Royal Navy chiefs launch scathing attack on the government for Britain's 'anorexic' fleet of warships
TWO retired military chiefs have blasted the government over the ‘anorexic’ state of the Royal Navy and its fleet.
Former chief of defence staff, Admiral Lord Michael Boyce, and Britain’s ex-top sailor, Admiral Lord Alan West, launched a vicious attack on the Senior Service during a House of Lords debate.
The naval duo slated Whitehall for the historic reduction in the navy’s surface fleet of 13 frigates and six destroyers.
The former naval top brass issued fresh warnings over the £1bn-a-piece Type 45 destroyers, which have been plagued by engine troubles.
They also voiced fears about the rate that the ageing Type 23 frigates were being replaced.
Speaking at Westminster, Lord Boyce said: ‘Our number of frigates and destroyers are anorexic, and this has been exacerbated by the Type 45 problem.
‘We embarked upon an eight-ship, Type 26 frigate building programme in 2017, but the first ship, Glasgow, won’t be commissioned until 2027.
‘Thereafter, a ship appears after every two years.’
The Type 26, City-class frigates will not take to the seas for years. They will be based in Plymouth.
Lord Boyce raged that the timetable for the new vessels was ‘completely unacceptable and is a black mark against the government and our shipbuilding industry’.
Pressing the government on the engine problems faced by the Type 45 vessels, Lord West hit out at ‘an appalling state of affairs’.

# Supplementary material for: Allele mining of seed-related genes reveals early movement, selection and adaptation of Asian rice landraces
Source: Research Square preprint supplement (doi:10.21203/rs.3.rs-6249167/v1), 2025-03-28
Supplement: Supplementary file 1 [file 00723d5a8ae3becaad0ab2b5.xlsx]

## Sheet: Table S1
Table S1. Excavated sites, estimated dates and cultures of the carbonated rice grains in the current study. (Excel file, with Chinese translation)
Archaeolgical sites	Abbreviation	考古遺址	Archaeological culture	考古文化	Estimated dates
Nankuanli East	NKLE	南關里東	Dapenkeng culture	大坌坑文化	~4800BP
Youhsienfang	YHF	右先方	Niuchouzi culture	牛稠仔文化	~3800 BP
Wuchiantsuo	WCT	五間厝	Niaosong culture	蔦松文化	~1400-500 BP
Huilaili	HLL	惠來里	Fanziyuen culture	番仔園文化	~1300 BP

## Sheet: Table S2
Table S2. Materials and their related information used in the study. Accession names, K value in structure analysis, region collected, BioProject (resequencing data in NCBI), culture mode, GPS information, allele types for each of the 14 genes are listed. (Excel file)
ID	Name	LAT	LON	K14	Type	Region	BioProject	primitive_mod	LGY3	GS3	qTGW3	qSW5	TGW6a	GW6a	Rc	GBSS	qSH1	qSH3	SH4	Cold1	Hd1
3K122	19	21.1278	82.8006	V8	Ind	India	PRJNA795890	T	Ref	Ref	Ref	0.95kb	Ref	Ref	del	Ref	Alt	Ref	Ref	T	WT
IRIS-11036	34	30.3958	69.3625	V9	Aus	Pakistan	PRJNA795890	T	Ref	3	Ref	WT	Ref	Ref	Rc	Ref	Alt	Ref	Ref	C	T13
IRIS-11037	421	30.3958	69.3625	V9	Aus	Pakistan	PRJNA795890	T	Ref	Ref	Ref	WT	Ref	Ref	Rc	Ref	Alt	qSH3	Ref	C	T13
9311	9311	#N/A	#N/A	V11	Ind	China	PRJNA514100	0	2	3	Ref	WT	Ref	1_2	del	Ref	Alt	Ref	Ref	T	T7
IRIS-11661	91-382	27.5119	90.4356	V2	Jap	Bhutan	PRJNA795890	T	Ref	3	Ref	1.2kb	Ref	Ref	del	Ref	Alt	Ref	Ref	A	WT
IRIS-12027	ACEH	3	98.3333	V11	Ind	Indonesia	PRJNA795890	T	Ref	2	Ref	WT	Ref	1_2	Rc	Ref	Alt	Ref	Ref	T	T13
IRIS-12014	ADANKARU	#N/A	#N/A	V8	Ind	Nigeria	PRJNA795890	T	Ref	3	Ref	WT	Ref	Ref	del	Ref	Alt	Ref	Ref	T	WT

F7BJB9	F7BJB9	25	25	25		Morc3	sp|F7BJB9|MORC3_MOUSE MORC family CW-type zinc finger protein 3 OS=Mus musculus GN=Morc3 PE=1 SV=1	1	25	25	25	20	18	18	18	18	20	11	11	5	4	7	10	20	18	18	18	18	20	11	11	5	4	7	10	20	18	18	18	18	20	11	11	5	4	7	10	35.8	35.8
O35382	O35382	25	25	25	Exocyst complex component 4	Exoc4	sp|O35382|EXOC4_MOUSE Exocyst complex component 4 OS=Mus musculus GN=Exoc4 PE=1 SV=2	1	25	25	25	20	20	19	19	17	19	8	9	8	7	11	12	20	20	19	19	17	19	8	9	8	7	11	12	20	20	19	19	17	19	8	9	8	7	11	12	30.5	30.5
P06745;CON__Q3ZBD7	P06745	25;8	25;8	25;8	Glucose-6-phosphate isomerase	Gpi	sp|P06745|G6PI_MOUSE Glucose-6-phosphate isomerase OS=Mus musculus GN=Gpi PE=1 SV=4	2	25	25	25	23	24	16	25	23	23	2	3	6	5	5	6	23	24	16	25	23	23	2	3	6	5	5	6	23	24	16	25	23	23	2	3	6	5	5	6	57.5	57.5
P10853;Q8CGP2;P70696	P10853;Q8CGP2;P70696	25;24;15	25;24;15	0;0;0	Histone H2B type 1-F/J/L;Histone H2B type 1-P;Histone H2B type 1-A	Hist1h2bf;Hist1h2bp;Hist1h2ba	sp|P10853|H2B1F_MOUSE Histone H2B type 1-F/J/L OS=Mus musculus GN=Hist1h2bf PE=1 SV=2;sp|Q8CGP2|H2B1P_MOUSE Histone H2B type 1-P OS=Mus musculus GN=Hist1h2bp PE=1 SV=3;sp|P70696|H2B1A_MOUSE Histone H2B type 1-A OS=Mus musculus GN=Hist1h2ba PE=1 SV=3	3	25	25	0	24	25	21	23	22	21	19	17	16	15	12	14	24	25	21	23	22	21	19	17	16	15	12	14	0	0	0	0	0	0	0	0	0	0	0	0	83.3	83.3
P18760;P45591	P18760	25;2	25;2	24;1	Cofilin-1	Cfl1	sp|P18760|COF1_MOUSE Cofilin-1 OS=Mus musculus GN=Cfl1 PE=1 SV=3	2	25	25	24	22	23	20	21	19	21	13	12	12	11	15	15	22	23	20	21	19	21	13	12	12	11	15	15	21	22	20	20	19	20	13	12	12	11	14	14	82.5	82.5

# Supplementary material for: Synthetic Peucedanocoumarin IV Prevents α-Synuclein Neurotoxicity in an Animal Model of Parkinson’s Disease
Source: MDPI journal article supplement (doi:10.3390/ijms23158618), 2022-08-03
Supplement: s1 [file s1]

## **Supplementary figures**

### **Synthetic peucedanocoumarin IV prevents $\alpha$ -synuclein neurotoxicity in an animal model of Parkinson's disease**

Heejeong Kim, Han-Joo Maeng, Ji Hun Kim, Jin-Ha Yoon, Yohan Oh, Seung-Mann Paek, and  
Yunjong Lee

The former navy boss told peers: ‘We have six anti-air warfare ships, we knew eight years ago that they had a problem – that sometimes there would be a total lack of power, which would suddenly happen unexpectedly.
‘If that happened, she had no ability whatsoever to defend herself, to use her weapons or missile systems.
‘We knew how to rectify that four years ago.’
Defence minister Baroness Goldie rejected the ‘gloomy and very pessimistic picture’.
In a written response, revealed today, she added the government intended to boost the number of Royal Navy warships.
She said a cheaper frigate, the Type 31 – which is expected to be based in Portsmouth – would be key to this.
Baroness Goldie added: ‘The intent remains to grow the destroyer and frigate force by the 2030s, and the Type 31 frigates will provide the opportunity to do this. It is not uncommon to have planned, temporary, small fluctuations in overall numbers during the transition from any class of ship or submarine to another.’